NICOSIA Cyprus on Thursday announced tougher 2014 fiscal targets than those set by international lenders, and said a recession on the bailed-out island may not be as deep as initially feared.
The small euro zone country came close to financial collapse in March after a fumbled attempt at economic rescue forced a major bank to shut and deposits were seized at a second lender. It now has a 10 billion euro economic adjustment programme from the International Monetary Fund and the European Union.
A draft budget approved by the island's cabinet on Thursday sees spending for 2014 slashed by 10 percent versus 2013 figures, focused on cutting benefits and pensions.
The 2014 primary deficit, the gap between spending and revenue excluding interest payments, was expected to be 3.0 percent of gross domestic product compared to 4.25 percent outlined in the adjustment programme prepared by lenders.
The lenders expect the country to register an 8.7 percent drop in output this year, and 3.9 percent in 2014.
According to finance ministry documents, the recession could be milder than the 8.7 percent 2013 baseline scenario, based on economic output in the first two quarters. It did not elaborate on this brighter outlook nor did it alter the baseline scenario for 2014.
"We wish we could spend more, and borrow to foster growth, but unfortunately we are paying for mistakes of the past," said Finance Minister Harris Georgiades.
"The basic characteristic of the budget is significant savings on expenditure. We are operating in a difficult economic environment," he said.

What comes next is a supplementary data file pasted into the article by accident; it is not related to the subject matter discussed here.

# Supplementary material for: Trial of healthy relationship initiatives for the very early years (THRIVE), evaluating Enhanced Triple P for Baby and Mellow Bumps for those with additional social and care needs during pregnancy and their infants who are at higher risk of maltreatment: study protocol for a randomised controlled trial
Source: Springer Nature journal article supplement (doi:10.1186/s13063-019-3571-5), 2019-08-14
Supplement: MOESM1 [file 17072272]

The budget, the first since the island was bailed-out, requires parliamentary approval. It is likely to be tabled in the coming week, and approved by the end of December.
Bailout money from lenders is mainly geared towards fiscal needs of the island. Its two major banks, heavily exposed to Greece, had to plug the gap themselves and did so by plundering uninsured deposits exceeding the EU-insurable threshold of 100,000 euros ($135,200).
Rising unemployment, weak demand, capital controls and the lingering shock of Cyprus's near-meltdown has crimped economic output, with the downturn expected to be sharp this year.
Based on the gameplan from international lenders, Cyprus will increase its VAT rate by one percentage point to 19 percent in 2014, extend a staggered income-tax levy on earnings and introduce further excise duties on fuels.
The troika of lenders from the IMF, the ECB and the EU is due to start a second inspection visit to Cyprus in late October, focused on privatization plans.
(Editing by Stephen Nisbet)